Instead of creating a new metric, Facebook reactions should serve as a barometer for how fans perceive your content. With these expanded reaction options, think about crafting content that stays toward a more positive sentiment. If your brand’s content is receiving a lot of negative reaction feedback, such as Sad or Angry, you might want to craft your content to be more positive in nature. Savvy brands could also use Sad and Angry to their advantage by carefully creating specific and well-understood content designed to inspire those types of reactions and giving users an outlet that allows them to help combat the sources of the sadness and anger inspiring messaging. This tactic may prove particularly effective for non-profit organizations or to help companies highlight their corporate giving initiatives. (This is a fine line to walk, so be careful you don’t come across as self-serving. Consult a social media professional for guidance.)
Sentiment can be a very hard metric to track without a sophisticated social listening tool and there will be a lot of speculation about what some of these reactions mean for marketers, brands and their content. While Sad and Angry reactions are generally seen as negative, they can also be a way to show positive sentiment – such as agreeing with something controversial or universally understood to be sad (like a natural disaster). For now, marketing teams should keep a close eye on how fans are using reactions on branded content and posts. If nothing else, this expanded engagement metric can help marketers understand what’s resonating with their fans and (possibly) what type of more detailed reaction it’s driving.
With that being said, time will tell if and how reactions will affect Facebook advertising. There is speculation that this new feature can hold a lot of merit towards your Facebook advertising and content, but for now it’s just something to keep an eye on.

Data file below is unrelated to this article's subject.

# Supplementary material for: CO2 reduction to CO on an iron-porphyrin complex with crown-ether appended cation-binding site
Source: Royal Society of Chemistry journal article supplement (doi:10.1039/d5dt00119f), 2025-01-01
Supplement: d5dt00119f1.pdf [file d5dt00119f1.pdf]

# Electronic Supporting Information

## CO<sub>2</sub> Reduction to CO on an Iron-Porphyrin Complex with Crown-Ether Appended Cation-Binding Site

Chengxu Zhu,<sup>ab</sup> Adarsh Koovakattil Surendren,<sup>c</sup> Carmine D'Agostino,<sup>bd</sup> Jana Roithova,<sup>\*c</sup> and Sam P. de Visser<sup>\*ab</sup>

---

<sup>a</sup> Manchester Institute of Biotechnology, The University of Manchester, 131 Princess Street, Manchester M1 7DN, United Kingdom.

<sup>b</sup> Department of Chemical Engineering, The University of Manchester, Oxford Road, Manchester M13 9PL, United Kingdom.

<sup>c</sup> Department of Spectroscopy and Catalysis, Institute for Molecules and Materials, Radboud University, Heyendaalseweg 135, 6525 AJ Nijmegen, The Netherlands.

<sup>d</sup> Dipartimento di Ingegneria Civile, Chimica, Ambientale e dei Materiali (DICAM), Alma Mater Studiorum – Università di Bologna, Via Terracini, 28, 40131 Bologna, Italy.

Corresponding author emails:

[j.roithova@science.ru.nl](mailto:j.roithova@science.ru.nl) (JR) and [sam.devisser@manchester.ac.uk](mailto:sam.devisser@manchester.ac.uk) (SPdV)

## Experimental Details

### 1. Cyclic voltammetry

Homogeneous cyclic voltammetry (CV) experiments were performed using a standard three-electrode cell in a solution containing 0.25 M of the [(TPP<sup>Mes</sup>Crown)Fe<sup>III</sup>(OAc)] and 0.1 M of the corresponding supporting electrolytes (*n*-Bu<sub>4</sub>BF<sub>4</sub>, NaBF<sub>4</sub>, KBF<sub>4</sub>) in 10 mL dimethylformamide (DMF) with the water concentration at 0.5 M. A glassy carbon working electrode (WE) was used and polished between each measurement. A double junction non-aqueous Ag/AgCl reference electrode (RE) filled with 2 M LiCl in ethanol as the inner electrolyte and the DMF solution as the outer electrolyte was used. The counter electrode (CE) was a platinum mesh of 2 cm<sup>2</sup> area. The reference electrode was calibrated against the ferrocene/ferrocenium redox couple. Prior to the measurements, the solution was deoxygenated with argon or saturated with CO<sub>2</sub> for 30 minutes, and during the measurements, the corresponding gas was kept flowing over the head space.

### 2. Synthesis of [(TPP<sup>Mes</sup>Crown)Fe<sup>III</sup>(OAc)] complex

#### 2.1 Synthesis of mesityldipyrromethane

The best advice for brands on how to deal with Facebook reactions at this point in time is to craft your content to get positive replies and experiment with different content to illicit different reactions – as long as those reactions fit in with your overall brand message, persona and goals. As always, it’s important to stay true to your core brand and message, even if it’s tempting to experiment with this new, fun feature. (Just like with emoji marketing.) As reactions become more prevalent and widely used on Facebook, be careful to continue monitoring your brand presence and social content and tweak as you see fit.
Ben Little is the Machine Learning Specialist at Fruition. Upon graduating from Penn State, Ben continued on to work for the university as a Software Developer. He worked closely with a machine learning researcher and helped increase the awareness of the topic among colleagues. After moving to Colorado with his partner for a lifestyle change, Ben was introduced to Brad Anderson, Fruition’s CEO, in the summer of 2018. He began his current position at Fruition soon after, designing models for client KPI data. In his free time, Ben enjoys appreciating the Flatirons from every angle he can find.